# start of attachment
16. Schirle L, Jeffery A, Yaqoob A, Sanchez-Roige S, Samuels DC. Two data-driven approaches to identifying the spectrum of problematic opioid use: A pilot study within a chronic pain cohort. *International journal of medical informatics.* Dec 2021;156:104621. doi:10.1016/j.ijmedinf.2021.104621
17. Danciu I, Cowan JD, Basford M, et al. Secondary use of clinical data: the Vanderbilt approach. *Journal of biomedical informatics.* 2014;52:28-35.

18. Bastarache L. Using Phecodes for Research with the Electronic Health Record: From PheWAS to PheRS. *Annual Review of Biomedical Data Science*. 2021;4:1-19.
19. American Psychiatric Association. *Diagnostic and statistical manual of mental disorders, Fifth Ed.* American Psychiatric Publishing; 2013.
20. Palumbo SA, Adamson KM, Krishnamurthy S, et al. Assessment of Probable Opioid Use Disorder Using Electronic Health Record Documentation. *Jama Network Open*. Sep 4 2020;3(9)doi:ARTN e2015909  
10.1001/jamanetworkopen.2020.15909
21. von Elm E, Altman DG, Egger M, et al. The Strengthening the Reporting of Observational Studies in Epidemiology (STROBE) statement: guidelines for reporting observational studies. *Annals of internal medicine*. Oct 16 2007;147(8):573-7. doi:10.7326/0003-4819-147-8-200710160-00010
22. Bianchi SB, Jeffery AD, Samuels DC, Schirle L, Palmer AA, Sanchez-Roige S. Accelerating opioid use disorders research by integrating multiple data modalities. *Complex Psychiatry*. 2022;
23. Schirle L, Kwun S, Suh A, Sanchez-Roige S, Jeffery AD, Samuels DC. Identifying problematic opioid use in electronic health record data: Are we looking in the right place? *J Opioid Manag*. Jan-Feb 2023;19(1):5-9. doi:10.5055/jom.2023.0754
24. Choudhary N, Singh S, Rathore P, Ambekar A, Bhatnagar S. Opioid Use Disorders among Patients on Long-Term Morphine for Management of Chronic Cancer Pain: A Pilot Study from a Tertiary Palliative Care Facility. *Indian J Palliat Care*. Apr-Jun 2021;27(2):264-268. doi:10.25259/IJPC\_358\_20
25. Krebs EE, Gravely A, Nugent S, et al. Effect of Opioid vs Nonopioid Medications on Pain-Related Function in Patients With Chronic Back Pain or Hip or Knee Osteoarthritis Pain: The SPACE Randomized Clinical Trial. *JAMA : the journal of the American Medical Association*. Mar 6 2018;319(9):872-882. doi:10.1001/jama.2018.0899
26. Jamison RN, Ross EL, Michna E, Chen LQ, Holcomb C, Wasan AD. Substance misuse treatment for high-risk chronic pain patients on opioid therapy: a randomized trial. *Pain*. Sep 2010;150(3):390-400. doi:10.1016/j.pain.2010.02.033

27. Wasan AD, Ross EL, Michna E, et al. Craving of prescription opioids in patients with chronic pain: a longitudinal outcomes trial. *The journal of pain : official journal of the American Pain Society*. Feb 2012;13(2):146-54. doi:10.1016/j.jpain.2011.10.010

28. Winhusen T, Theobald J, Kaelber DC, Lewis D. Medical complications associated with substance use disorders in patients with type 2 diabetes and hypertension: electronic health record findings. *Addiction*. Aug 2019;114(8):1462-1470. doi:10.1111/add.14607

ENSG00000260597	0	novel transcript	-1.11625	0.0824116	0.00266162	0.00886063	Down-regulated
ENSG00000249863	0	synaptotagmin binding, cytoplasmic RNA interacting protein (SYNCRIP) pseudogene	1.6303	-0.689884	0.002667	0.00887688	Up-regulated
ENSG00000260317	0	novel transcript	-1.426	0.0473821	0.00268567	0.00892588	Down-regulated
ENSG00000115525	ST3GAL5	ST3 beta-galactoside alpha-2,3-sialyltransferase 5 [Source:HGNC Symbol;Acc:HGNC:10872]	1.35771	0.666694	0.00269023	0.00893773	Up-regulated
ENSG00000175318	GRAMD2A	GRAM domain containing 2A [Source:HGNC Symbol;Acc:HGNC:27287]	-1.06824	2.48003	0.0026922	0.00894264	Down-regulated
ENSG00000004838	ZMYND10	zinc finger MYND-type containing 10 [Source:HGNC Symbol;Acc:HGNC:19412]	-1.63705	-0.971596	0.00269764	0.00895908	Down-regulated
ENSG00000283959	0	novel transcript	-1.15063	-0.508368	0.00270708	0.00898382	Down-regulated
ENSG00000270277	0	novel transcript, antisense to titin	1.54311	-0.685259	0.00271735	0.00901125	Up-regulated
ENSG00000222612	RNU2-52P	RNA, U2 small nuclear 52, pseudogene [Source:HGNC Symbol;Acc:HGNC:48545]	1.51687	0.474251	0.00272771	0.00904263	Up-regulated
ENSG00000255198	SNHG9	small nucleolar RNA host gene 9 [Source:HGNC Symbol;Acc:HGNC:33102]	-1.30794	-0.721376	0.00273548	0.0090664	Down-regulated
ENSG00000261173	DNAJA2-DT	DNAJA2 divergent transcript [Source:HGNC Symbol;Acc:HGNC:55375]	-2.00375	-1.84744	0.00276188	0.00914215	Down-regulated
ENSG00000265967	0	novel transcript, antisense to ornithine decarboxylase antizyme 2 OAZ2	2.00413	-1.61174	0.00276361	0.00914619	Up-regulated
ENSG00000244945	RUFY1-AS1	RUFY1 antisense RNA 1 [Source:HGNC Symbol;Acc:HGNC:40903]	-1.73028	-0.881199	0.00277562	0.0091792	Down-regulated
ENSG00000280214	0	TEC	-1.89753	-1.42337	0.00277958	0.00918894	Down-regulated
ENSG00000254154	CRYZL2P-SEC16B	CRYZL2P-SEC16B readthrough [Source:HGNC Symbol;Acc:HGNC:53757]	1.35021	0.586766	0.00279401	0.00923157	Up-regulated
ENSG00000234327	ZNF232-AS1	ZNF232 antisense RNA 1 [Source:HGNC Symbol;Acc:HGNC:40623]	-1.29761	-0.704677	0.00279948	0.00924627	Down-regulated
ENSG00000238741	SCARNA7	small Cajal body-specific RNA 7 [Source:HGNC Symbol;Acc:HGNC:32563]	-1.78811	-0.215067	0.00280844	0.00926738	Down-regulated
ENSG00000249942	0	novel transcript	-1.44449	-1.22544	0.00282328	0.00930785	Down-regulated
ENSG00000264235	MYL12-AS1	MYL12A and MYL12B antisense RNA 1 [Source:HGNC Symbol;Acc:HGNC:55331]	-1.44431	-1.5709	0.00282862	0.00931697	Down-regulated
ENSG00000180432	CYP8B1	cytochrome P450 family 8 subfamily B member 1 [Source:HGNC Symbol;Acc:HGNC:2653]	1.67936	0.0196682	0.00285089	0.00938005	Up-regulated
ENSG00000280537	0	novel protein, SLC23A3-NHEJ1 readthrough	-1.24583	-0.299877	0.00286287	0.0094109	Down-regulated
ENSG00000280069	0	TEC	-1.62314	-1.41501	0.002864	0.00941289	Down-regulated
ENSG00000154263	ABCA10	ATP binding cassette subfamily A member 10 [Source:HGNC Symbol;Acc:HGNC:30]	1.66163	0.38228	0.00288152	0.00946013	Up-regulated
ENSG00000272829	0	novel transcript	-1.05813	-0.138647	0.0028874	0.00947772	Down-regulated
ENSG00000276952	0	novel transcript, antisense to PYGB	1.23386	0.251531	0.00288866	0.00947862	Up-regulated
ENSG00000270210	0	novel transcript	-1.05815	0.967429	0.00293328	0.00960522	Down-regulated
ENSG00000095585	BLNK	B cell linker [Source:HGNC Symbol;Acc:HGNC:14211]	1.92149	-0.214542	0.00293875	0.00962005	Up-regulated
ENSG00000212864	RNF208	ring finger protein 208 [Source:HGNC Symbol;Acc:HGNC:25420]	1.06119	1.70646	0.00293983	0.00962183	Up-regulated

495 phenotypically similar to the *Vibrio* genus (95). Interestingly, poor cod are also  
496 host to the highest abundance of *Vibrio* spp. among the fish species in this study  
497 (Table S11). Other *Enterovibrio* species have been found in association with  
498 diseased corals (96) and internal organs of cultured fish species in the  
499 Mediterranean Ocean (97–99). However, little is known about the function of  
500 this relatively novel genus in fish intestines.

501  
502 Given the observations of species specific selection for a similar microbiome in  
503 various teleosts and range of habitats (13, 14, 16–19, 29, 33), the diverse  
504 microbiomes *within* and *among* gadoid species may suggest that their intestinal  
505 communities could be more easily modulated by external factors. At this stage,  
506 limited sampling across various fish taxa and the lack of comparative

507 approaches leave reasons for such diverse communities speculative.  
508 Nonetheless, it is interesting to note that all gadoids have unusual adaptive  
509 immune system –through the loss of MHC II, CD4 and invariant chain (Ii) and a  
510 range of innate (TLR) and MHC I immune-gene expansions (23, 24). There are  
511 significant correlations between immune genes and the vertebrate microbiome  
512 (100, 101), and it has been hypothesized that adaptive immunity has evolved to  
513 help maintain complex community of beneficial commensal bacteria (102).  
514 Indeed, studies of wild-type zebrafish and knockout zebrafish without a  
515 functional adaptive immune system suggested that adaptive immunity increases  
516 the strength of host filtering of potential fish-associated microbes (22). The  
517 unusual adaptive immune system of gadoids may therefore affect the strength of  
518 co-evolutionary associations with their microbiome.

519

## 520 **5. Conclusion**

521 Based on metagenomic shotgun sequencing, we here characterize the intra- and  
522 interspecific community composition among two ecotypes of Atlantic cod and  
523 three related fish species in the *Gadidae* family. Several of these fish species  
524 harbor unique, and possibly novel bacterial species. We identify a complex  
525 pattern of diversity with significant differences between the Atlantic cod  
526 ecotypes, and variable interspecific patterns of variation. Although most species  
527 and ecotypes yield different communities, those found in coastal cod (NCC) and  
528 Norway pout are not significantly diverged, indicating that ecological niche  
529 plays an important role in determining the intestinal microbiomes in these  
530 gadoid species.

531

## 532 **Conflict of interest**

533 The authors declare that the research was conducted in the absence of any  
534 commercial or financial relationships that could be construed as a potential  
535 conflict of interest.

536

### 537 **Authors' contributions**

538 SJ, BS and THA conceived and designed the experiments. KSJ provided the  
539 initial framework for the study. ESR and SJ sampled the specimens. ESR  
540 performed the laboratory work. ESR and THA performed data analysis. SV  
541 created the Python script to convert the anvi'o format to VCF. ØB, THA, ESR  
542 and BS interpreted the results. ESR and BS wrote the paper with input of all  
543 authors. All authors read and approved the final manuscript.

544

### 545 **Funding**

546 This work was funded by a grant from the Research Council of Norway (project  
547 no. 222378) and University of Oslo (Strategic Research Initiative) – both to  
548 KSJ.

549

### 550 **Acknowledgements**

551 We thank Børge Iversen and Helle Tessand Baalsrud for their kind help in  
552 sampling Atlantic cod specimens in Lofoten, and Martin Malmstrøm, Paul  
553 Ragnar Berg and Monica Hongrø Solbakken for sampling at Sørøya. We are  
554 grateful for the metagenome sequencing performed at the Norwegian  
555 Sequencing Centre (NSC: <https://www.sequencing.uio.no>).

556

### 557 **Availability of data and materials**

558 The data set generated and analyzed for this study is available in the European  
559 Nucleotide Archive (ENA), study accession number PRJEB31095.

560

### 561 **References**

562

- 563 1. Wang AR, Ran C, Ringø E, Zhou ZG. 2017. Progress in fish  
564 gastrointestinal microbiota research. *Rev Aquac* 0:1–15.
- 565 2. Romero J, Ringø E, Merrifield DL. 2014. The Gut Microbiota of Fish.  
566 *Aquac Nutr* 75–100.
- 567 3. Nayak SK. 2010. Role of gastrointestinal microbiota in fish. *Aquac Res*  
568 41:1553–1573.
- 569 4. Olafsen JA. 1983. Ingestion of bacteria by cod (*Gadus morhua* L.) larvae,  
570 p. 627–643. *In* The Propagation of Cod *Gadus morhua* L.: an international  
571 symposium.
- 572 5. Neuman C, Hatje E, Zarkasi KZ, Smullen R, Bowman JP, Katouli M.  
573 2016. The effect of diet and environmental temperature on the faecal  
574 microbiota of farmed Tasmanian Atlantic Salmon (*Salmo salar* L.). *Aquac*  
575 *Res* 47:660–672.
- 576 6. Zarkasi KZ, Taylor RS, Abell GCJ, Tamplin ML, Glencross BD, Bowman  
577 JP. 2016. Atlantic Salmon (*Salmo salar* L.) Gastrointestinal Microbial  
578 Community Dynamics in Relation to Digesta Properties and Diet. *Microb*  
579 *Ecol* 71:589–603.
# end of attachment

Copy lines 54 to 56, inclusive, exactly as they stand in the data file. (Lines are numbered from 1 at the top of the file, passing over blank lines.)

506 limited sampling across various fish taxa and the lack of comparative

507 approaches leave reasons for such diverse communities speculative.  
508 Nonetheless, it is interesting to note that all gadoids have unusual adaptive  